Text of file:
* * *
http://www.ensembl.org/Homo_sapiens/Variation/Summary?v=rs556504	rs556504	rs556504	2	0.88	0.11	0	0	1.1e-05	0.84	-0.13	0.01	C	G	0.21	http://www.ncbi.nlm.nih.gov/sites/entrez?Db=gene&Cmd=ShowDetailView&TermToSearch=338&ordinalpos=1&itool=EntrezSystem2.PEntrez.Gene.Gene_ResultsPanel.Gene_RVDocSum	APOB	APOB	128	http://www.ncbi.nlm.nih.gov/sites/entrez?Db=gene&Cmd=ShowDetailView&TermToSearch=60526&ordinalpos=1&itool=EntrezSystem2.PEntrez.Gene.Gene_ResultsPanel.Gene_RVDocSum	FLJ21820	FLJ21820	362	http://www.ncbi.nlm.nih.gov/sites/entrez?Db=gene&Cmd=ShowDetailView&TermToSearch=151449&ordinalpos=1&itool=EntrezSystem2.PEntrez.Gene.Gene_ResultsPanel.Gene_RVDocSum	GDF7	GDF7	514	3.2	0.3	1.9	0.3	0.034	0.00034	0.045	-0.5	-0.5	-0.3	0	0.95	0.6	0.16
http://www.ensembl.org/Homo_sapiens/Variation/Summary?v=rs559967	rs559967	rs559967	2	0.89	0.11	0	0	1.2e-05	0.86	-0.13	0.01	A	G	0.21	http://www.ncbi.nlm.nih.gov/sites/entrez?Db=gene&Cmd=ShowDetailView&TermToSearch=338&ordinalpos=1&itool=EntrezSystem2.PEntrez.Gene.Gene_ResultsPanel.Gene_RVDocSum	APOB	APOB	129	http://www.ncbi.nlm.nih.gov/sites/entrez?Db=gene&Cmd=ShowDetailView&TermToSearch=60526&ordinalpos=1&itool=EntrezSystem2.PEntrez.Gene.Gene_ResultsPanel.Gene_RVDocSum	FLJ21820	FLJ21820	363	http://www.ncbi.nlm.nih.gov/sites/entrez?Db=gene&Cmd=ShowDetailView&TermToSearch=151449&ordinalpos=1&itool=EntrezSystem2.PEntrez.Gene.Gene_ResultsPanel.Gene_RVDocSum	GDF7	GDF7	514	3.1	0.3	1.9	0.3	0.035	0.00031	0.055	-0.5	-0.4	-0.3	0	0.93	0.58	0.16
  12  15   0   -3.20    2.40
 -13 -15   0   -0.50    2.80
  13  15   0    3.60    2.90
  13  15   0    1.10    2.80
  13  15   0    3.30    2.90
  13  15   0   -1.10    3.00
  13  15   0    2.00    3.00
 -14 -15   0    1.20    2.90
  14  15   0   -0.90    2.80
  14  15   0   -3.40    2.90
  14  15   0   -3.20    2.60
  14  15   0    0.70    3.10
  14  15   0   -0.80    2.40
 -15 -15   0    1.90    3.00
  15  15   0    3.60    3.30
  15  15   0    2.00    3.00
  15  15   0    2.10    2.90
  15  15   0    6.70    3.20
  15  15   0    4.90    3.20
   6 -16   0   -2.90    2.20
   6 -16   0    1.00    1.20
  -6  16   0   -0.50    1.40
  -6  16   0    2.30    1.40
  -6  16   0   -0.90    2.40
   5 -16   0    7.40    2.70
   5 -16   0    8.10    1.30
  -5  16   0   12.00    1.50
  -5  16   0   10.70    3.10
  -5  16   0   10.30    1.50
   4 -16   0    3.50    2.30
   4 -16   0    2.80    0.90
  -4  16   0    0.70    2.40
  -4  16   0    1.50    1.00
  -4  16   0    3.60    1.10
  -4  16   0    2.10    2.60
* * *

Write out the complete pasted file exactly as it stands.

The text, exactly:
http://www.ensembl.org/Homo_sapiens/Variation/Summary?v=rs556504	rs556504	rs556504	2	0.88	0.11	0	0	1.1e-05	0.84	-0.13	0.01	C	G	0.21	http://www.ncbi.nlm.nih.gov/sites/entrez?Db=gene&Cmd=ShowDetailView&TermToSearch=338&ordinalpos=1&itool=EntrezSystem2.PEntrez.Gene.Gene_ResultsPanel.Gene_RVDocSum	APOB	APOB	128	http://www.ncbi.nlm.nih.gov/sites/entrez?Db=gene&Cmd=ShowDetailView&TermToSearch=60526&ordinalpos=1&itool=EntrezSystem2.PEntrez.Gene.Gene_ResultsPanel.Gene_RVDocSum	FLJ21820	FLJ21820	362	http://www.ncbi.nlm.nih.gov/sites/entrez?Db=gene&Cmd=ShowDetailView&TermToSearch=151449&ordinalpos=1&itool=EntrezSystem2.PEntrez.Gene.Gene_ResultsPanel.Gene_RVDocSum	GDF7	GDF7	514	3.2	0.3	1.9	0.3	0.034	0.00034	0.045	-0.5	-0.5	-0.3	0	0.95	0.6	0.16
http://www.ensembl.org/Homo_sapiens/Variation/Summary?v=rs559967	rs559967	rs559967	2	0.89	0.11	0	0	1.2e-05	0.86	-0.13	0.01	A	G	0.21	http://www.ncbi.nlm.nih.gov/sites/entrez?Db=gene&Cmd=ShowDetailView&TermToSearch=338&ordinalpos=1&itool=EntrezSystem2.PEntrez.Gene.Gene_ResultsPanel.Gene_RVDocSum	APOB	APOB	129	http://www.ncbi.nlm.nih.gov/sites/entrez?Db=gene&Cmd=ShowDetailView&TermToSearch=60526&ordinalpos=1&itool=EntrezSystem2.PEntrez.Gene.Gene_ResultsPanel.Gene_RVDocSum	FLJ21820	FLJ21820	363	http://www.ncbi.nlm.nih.gov/sites/entrez?Db=gene&Cmd=ShowDetailView&TermToSearch=151449&ordinalpos=1&itool=EntrezSystem2.PEntrez.Gene.Gene_ResultsPanel.Gene_RVDocSum	GDF7	GDF7	514	3.1	0.3	1.9	0.3	0.035	0.00031	0.055	-0.5	-0.4	-0.3	0	0.93	0.58	0.16
  12  15   0   -3.20    2.40
 -13 -15   0   -0.50    2.80
  13  15   0    3.60    2.90
  13  15   0    1.10    2.80
  13  15   0    3.30    2.90
  13  15   0   -1.10    3.00
  13  15   0    2.00    3.00
 -14 -15   0    1.20    2.90
  14  15   0   -0.90    2.80
  14  15   0   -3.40    2.90
  14  15   0   -3.20    2.60
  14  15   0    0.70    3.10
  14  15   0   -0.80    2.40
 -15 -15   0    1.90    3.00
  15  15   0    3.60    3.30
  15  15   0    2.00    3.00
  15  15   0    2.10    2.90
  15  15   0    6.70    3.20
  15  15   0    4.90    3.20
   6 -16   0   -2.90    2.20
   6 -16   0    1.00    1.20
  -6  16   0   -0.50    1.40
  -6  16   0    2.30    1.40
  -6  16   0   -0.90    2.40
   5 -16   0    7.40    2.70
   5 -16   0    8.10    1.30
  -5  16   0   12.00    1.50
  -5  16   0   10.70    3.10
  -5  16   0   10.30    1.50
   4 -16   0    3.50    2.30
   4 -16   0    2.80    0.90
  -4  16   0    0.70    2.40
  -4  16   0    1.50    1.00
  -4  16   0    3.60    1.10
  -4  16   0    2.10    2.60